Voters in America will soon decide on 11/3/20 whether Trump remains in the White House for another four years or whether Democratic Joe Biden will be the next President. As election day approaches, polls are hard at work trying to gauge the mood of the nation by asking voters which candidates they prefer.
National polls may be a guide as to the popularity of a candidate ahead of the election. But are they good at predicting the results of the election? In the past presidential election in 2016, Hillary Clinton led in the polls. Hillary won the popular vote by over three million more votes than Donald Trump. But Hillary still lost the election because of the electoral college system. It seems that winning the most votes does that guarantee a win. A candidate still needs to win 270 electoral college votes to secure the election.
Today, Joe Biden, the Democratic nominee, is currently leading Donald Trump in almost all the national polls. These polls show Biden with a 10-point lead over Trump with 2-weeks before the election. Nonetheless, 2020 and the November election will be a year to remember for generations to come. We are living through unprecedented times. When was the last time that a global pandemic of this magnitude disrupted our everything lives? It is not business as usual, and we do not know when things will return to normal. Unprecedented sums it up. COVID-19 pandemic, global economic lockdown, market volatility, and a host of macro and geopolitical uncertainties have impacted investors and voters alike.
Since this is another election year, we have also been closely tracking the polls and monitoring the numerous market pundits and prognosticators as they make their predictions as to who will win the White House. Historically, it is difficult to argue that most voters tend to vote according to the health of their wallets and pocketbooks. Often when the economy is doing well, the incumbents will stay in office and vice versa. Some say this election will be different because the COVID-19 pandemic has shifted the focus of many voters toward health issues rather than their finances.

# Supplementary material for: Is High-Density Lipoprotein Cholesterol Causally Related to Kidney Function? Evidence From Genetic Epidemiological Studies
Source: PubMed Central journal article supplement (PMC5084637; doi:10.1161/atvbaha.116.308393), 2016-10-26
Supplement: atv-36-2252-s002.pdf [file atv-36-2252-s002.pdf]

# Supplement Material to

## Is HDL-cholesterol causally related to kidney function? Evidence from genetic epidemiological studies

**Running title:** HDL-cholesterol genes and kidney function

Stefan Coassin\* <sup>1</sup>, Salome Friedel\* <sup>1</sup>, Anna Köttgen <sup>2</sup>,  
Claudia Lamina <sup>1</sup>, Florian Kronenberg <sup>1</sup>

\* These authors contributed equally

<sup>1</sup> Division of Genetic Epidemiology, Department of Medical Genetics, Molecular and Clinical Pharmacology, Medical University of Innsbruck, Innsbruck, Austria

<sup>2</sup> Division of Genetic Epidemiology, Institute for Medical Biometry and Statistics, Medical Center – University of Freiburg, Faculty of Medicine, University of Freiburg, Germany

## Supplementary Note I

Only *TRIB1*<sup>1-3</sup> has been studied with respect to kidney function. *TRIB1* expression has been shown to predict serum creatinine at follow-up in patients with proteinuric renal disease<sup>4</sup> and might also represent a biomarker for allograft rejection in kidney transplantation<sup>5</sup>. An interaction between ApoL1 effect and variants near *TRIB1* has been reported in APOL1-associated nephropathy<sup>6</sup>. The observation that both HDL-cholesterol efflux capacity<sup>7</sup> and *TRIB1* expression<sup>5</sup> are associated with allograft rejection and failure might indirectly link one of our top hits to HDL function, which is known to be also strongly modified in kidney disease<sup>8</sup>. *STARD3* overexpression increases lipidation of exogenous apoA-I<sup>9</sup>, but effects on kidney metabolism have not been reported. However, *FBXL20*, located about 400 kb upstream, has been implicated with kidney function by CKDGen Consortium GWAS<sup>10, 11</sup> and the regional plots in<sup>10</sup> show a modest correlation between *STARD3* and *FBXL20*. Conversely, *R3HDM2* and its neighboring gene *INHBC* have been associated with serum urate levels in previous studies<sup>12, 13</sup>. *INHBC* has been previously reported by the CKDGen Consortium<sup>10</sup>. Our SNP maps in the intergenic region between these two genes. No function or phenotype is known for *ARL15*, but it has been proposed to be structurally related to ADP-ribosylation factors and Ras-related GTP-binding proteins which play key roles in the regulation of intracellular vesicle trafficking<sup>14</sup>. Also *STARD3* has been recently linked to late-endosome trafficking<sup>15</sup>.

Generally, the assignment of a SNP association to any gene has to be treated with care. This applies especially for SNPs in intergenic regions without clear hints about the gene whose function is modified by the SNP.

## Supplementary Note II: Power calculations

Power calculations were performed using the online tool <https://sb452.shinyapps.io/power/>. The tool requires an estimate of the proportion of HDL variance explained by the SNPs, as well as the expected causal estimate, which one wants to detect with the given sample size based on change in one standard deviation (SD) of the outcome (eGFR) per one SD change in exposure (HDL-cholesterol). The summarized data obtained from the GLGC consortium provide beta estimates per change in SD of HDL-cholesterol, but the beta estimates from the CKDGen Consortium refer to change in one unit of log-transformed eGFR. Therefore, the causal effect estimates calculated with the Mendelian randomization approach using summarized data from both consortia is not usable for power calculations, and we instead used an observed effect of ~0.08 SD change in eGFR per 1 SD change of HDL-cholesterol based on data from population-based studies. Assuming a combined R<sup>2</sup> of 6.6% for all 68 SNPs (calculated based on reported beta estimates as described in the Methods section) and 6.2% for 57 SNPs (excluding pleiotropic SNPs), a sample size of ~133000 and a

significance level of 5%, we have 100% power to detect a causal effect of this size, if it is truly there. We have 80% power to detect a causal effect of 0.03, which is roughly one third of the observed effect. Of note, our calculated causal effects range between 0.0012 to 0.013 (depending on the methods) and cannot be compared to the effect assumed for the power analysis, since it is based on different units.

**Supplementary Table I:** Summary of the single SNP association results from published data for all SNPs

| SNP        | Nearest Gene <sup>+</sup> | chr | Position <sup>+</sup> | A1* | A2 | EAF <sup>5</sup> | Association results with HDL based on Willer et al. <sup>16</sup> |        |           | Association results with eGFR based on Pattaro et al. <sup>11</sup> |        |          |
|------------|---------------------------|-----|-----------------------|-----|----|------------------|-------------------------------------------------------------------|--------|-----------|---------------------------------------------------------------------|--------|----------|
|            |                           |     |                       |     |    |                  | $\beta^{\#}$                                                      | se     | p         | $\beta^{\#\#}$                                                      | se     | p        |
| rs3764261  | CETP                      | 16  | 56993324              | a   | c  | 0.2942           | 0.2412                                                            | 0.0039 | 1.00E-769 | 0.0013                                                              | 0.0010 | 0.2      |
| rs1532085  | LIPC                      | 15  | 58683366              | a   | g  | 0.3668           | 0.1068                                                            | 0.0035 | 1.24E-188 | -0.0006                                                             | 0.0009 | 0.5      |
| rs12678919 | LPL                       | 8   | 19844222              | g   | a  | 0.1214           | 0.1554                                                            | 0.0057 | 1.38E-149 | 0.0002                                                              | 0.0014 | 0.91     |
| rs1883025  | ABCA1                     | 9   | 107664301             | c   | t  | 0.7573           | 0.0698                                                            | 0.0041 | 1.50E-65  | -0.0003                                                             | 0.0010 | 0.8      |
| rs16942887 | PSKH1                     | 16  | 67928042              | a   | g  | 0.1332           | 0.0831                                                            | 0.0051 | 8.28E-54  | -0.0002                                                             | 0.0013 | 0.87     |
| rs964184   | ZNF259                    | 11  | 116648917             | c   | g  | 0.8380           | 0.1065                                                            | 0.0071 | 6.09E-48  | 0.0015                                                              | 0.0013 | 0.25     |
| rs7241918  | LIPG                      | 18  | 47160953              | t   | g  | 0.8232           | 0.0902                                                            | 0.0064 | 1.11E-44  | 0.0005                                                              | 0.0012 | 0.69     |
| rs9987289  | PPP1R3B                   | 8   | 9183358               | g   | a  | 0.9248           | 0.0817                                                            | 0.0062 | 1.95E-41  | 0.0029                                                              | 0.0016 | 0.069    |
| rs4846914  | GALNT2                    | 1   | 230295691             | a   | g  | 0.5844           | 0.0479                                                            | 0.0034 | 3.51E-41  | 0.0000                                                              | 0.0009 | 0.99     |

Since the stock market is forward-looking, it has a remarkable track record at predicting the outcome of the health of the US economy and hence the US presidential elections. The 3-month US presidential election barometer states that the SPX returns in the three months before the election can help decide whether the incumbent party wins or loses the White House. Positive returns in SPX during the 3-month window typically lead to the incumbent party retaining the White House. On the other hand, losses in the SPX during the same period warns of the incumbent party losing the White House. So, how precise is this stock market barometer in predicting the next President?
Dating back to 1928 for US equities (i.e., S&P 500 Index and Dow Jones Industrial Average), the barometer has been accurate. For instance, since 1984, it has accurately called 9 out of 9 US presidential elections. Since 1929 or in the past 23 presidential elections, the barometer has accurately predicted the outcome of 20 elections. The track record is even better than most of the most popular stock barometers, such as the January barometer, super bowl barometer, 4-year US presidential election year cycle, among others.